2 extra days in Melbourne Quarantine

    Hello, Has anybody paid for extra night's in Quarantine in Melbourne? Our dog Bella can leave on the 16th Jan, however we set off from the UK on the 16th and cannot pick her up until the 18th. We had to send her first because of the rabies jab! and thats the earliest we can get there. Any help advice would be appreciated as Bella is my biggest worry with our move, she's such a softy! Thanks Hayley Ps she's a springer spaniel by the way.
  14. I think that the Pet shippers insurance will cover my dogs for any problems during in transit, but is there any sort of pet insurance for when they are in quarantine and generally in Oz, like the Uk thanks Cal
  15. Guest

    visiting pets in quarantine

    I just wanted to ask if most people visited their pets when they were in quarantine. I was sure I was going to but I am starting to think it is a selfish thing to do as it may unsettle my cat and could mean that when I get her out of quarantine and take her to our new home she may get stressed when I leave for work? As usual any advice is greatly appreciated!
  16. I have just confirmed quarantine for my four for later this month and saw on their website that from the beginning of Feb the fees will have to be paid upfront at the time of applying for the import permits. That will make the process that but harder to manage financially, I've at least been able to pay for my lot in stages with quarantine being the final thank god. Good luck to all that are going, this time two weeks my furries will be there
  17. We arrived in Oz a month or so ago and out container has just arrived. The removal agent informed us that quarantine found a Santa with an unidentified vine attached and we needed to pay £125 to destroy it or £460 to keep it. We paid to have it destroyed however after speaking with others in similar shoes they were not charged to destroy items. I think we have been ripped off, can anyone confirm this? I would call quarantine myself only it's the weekend!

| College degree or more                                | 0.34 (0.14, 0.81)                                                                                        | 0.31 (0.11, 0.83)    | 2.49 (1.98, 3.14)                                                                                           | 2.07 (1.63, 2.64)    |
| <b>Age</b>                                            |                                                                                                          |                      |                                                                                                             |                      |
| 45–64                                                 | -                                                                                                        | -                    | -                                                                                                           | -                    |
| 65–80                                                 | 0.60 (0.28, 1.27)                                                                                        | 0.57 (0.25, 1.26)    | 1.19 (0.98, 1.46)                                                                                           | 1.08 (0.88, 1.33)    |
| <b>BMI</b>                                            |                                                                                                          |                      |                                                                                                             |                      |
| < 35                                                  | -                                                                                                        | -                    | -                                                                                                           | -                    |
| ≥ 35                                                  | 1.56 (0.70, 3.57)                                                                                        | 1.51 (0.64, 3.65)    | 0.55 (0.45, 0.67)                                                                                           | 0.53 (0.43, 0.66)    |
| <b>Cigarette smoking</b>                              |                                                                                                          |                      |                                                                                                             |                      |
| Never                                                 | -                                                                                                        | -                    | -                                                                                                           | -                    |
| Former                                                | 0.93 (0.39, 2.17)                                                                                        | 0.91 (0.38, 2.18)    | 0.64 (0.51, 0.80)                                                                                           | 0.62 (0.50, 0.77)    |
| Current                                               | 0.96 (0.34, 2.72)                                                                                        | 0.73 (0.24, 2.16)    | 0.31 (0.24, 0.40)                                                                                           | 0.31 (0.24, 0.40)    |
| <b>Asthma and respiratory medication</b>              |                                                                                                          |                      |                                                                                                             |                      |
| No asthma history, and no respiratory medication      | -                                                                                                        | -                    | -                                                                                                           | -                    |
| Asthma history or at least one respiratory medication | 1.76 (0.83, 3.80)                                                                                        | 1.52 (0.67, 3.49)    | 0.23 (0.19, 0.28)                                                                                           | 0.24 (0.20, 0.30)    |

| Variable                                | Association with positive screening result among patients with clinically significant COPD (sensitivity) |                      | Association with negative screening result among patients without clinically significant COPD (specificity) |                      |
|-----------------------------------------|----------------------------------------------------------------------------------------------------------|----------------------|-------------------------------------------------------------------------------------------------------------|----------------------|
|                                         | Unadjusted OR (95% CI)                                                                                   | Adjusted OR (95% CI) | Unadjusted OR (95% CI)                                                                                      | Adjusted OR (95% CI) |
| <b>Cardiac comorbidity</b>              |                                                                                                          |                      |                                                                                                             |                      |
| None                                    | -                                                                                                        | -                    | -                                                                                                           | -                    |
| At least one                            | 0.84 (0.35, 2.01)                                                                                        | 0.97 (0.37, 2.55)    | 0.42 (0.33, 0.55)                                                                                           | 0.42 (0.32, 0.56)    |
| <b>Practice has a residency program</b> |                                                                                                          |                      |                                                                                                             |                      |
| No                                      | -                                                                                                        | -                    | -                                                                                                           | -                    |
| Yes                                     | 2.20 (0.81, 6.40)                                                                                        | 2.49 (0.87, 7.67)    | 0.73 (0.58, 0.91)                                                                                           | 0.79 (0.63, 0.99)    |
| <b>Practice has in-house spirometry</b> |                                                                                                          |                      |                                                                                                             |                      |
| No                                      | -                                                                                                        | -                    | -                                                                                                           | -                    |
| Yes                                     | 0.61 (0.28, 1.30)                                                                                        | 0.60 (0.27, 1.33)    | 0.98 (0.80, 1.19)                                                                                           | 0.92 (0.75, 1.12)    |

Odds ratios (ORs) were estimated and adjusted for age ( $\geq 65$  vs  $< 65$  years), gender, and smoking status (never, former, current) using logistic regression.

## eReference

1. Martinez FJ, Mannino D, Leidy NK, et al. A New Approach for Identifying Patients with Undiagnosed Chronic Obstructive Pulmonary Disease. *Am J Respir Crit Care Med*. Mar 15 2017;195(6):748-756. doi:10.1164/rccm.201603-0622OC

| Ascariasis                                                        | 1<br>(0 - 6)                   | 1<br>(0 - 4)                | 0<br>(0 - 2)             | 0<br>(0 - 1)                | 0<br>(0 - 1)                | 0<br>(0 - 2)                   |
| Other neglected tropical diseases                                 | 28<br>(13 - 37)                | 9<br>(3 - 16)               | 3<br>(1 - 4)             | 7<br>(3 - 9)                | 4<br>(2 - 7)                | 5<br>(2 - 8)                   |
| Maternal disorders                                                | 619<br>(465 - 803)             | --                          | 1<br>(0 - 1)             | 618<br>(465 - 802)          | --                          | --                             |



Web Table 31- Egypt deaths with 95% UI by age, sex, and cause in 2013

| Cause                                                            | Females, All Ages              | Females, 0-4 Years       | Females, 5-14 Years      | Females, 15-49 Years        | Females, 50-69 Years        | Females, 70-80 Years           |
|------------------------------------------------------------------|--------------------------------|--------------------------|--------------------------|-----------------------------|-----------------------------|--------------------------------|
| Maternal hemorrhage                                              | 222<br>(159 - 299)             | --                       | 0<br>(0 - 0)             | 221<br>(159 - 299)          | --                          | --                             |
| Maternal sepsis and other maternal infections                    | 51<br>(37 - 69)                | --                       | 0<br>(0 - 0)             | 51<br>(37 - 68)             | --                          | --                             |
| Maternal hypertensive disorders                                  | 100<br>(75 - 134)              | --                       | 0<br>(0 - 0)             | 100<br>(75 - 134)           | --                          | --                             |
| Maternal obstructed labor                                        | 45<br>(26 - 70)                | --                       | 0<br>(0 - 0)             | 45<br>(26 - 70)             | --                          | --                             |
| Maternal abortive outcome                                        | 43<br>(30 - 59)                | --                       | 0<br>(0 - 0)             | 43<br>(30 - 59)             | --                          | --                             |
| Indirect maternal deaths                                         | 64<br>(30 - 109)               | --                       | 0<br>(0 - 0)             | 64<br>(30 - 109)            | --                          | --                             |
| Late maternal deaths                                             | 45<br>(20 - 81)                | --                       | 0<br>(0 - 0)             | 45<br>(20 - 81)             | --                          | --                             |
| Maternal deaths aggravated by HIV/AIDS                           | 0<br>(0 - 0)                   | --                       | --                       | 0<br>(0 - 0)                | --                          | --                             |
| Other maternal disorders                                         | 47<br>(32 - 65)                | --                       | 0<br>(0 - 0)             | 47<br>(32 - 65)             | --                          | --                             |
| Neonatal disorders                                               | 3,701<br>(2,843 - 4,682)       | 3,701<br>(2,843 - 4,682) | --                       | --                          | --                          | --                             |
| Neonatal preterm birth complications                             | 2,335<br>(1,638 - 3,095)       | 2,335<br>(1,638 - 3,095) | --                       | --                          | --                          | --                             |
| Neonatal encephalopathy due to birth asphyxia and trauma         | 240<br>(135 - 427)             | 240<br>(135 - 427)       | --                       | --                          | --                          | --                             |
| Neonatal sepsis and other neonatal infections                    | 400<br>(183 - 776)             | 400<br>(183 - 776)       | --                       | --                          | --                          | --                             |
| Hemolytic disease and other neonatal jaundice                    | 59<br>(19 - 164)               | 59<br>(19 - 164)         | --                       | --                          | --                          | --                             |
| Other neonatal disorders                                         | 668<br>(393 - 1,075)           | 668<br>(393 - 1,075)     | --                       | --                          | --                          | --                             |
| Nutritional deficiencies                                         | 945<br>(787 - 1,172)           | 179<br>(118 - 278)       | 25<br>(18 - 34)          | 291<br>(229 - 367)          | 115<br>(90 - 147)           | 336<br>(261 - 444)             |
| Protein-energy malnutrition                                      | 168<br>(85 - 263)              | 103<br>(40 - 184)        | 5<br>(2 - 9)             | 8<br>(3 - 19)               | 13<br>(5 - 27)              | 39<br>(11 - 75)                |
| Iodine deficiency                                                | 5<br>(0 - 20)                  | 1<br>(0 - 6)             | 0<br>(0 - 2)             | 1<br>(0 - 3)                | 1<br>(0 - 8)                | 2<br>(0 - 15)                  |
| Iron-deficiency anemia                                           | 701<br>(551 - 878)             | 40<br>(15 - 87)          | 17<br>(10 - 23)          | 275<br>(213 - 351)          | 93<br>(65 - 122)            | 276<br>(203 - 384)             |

18. Guest

    Post quarantine anxiety/issues

    Hi all Not sure if anyone has had the same problem but our dog appears to be suffering anxiety/fearfulness since leaving quarantine. We can no longer leave him in the house as he has damaged things and we were leaving him in the garage with the door to the garden open but he has dug a hole under the side gate ! We now have to shut him in the garage when we go out and when we get back he is unbelievably excited jumps up and barks at high pitch. We never had any issues in the UK like this. We have also tried leaving him with dog sitters which has ended badly both times :err: In the UK we left him with dog sitters in their houses and had no problems at all. Do you think he will get over it or has he been permanently affected? Someone suggested he may have been mis-treated in quarantine but i will never know and we paid for a dog walker to go in and never had any problems with them? Any advice would be great Thanks Natalie
  19. JoandJon

    Quarantine question